Employment solicitor Alex Christen and HR Consultant Cathryn Foreman explain the Gender Pay Gap, and what it means for all generations in the workplace.
It won’t surprise readers to know that ‘generation millennials’ (i.e. those typically born in the 1980s) are benefiting from the lowest gender pay gap compared with their ‘generation X’ and ‘baby boomer’ counterparts. This is thanks, no doubt, to the hard work of previous generations in campaigning for equal rights – coupled with the trickle down effects of equal pay and sex discrimination legislation.
Recent statistics show that millennials in their 20s have a 5% average gender pay gap, which compares with a 9% gap experienced by generation X at the same age and a 16% gap experienced by baby boomers. While this seems promising for future generations, the gap significantly widens again as millennials hit their 30s – perhaps due to women having children and taking time out of the labour market before returning to work, quite often on a part time basis. Statistics show that at age 30, the pay gap is 9% for millennials – a big jump from the 5% gap that they experience up until then. But, it’s still less than the 10% for those in generation X, and the whopping 21% for baby boomers at that age.
What is clear is that progress has been made to close the gap. Some of the changes will be due to the increase in the number of women taking higher education courses and moving into careers which, in the baby boomer days, may have been primarily dominated by men and where work opportunities for women were for ‘administration’ or ‘support’. Clearly however, there is always more that can be done.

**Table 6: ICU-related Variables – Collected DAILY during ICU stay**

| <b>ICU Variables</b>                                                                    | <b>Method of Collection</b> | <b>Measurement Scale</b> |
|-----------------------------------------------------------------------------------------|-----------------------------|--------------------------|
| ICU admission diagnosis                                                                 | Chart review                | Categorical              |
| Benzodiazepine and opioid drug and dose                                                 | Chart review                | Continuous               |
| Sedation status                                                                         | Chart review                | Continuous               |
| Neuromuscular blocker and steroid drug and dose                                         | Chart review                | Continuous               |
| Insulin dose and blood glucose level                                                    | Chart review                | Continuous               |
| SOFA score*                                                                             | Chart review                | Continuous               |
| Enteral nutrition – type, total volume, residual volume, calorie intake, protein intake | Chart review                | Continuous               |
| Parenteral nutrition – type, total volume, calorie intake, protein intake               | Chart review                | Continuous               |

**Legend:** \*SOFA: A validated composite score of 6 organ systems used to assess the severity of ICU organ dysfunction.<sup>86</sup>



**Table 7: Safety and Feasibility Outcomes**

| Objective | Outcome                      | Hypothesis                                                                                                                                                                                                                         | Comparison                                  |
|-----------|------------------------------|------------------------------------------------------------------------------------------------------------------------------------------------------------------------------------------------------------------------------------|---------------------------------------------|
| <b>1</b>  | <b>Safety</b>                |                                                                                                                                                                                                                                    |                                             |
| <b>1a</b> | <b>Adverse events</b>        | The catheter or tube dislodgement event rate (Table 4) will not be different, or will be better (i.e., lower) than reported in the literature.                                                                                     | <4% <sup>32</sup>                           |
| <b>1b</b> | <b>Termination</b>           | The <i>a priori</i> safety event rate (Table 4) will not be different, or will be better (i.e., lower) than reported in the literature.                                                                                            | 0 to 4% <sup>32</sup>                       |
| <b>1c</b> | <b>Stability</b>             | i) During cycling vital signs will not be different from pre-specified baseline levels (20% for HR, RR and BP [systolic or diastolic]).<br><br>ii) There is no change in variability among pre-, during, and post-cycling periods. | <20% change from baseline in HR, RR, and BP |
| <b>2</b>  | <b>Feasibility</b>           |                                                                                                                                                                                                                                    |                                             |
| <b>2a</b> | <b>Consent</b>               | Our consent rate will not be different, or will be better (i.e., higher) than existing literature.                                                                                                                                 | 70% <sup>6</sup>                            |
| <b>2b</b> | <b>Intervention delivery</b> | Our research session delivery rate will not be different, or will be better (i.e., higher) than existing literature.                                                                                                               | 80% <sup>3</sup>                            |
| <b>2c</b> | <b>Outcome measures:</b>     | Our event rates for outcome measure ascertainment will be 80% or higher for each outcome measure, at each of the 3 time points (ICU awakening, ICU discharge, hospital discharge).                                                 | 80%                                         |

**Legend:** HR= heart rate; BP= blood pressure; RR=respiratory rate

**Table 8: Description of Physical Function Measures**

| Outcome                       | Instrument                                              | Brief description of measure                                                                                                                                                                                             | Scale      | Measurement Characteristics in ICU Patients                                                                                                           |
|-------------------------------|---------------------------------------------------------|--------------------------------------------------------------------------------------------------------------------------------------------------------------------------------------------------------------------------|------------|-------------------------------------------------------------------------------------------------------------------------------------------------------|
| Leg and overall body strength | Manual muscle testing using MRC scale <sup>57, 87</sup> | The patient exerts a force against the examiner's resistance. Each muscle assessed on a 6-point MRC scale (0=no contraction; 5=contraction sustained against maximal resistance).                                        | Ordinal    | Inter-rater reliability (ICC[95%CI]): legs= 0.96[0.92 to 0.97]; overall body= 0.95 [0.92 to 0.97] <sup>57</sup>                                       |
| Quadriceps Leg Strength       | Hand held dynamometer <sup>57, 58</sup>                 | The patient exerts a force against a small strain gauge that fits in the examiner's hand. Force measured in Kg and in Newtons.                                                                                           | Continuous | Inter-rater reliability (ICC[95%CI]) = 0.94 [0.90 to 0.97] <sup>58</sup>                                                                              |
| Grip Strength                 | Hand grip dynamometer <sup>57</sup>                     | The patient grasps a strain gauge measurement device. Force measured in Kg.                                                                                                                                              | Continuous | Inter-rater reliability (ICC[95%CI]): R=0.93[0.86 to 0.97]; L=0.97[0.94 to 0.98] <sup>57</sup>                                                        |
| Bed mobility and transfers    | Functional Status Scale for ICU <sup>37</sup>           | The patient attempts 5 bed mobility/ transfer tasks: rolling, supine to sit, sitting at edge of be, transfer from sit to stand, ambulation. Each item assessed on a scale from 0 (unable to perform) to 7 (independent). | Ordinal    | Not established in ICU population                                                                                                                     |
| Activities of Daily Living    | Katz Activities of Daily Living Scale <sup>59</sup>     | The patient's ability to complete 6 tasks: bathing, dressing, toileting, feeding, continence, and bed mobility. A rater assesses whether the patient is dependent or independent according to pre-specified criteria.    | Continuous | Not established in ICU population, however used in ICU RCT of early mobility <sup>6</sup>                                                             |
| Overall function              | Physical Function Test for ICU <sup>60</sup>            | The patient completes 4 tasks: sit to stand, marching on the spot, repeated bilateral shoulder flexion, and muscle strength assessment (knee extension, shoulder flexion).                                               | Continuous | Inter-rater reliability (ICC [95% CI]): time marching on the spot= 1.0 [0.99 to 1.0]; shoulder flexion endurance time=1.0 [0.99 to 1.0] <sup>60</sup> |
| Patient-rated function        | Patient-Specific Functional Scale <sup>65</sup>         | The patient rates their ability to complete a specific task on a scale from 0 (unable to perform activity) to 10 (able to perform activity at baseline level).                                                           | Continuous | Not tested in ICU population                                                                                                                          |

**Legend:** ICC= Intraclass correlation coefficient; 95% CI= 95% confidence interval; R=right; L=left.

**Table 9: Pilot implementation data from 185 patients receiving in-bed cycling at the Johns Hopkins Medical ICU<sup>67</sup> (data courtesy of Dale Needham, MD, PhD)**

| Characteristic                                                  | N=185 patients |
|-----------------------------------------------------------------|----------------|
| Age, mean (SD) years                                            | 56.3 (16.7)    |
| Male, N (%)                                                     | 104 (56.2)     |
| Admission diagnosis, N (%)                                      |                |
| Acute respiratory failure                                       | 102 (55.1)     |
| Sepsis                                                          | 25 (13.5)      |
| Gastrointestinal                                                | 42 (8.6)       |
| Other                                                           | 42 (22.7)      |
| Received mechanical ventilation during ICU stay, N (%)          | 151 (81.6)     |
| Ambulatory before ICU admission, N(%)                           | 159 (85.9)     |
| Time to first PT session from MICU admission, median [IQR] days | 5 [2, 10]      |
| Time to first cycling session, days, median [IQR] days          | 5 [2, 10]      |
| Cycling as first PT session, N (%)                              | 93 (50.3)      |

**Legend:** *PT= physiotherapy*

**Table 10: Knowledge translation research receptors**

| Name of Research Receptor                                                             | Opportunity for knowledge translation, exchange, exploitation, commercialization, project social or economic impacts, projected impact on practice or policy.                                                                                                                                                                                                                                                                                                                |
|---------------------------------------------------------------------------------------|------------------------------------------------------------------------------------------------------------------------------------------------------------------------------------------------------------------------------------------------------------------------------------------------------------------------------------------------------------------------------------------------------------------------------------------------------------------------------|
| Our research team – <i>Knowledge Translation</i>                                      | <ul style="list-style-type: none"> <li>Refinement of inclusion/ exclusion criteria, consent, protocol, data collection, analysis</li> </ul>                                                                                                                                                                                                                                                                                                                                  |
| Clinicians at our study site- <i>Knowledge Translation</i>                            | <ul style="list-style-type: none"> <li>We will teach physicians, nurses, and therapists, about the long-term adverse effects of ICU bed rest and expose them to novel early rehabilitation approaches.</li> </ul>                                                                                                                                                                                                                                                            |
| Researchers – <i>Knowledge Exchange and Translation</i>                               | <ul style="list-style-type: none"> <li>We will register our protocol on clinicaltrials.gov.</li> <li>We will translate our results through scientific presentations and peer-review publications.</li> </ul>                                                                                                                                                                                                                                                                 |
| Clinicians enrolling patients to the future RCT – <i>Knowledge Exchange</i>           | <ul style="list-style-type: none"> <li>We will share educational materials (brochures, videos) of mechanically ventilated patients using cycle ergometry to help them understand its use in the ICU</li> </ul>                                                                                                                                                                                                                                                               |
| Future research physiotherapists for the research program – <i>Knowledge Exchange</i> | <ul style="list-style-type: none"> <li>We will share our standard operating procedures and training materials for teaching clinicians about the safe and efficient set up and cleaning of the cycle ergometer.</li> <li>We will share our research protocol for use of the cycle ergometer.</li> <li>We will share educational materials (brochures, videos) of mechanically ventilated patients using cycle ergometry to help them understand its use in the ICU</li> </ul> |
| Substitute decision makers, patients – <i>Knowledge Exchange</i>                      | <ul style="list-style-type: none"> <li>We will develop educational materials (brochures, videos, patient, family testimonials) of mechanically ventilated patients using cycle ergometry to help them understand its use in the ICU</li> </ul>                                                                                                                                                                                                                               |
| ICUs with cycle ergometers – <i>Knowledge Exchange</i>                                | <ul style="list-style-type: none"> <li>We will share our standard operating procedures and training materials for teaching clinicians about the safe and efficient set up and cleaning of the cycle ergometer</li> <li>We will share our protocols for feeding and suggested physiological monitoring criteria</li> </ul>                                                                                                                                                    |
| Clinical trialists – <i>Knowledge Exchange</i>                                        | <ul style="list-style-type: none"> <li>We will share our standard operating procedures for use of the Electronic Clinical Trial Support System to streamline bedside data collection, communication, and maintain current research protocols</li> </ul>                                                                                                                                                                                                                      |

With mandatory reporting obligations coming into effect this April, understanding and analysing the difference in pay between men and women will be top of the agenda for many organisations. The revised regulations provide clarity on how businesses should report their gender pay gap data. Interestingly, women on maternity leave are now excluded from the reporting obligation if they receive less than full pay. This means the distortive effect of statutory maternity pay (or no pay) on figures is removed, allowing employers to concentrate on the differences in full pay between men and women. However, some would say that maternity pay figures should still be included in the overall pay picture.
Whether the improvement in the gender pay gap will continue with each generation entering the workplace remains to be seen. While it is perhaps the millennials that will benefit the most from the continued changes, that does not mean that the baby boomers in the workplace should not continue to campaign for a change in attitudes, opportunities and equality.
The gender pay gap has lowered to five per cent among UK workers in their 20s, according to a study by the Resolution Foundation. However, the discrepancy widens once women hit their 30s and start a family. The thinktank found that whilst the gender pay gap for women aged 20 to 29 has fallen to five per cent, as women’s careers go on, they will earn significantly less than men. When female workers get into their 30s and 40s, they face a "rapid rise" in pay inequality, a discrepancy of almost 30% by the time they are in their mid-40s unless there is further government intervention - the report says. Similar research published last year by the Institute for Fiscal Studies (IFS) found that men in their 30s tend to see their wages increase, while women's wages tend to plateau.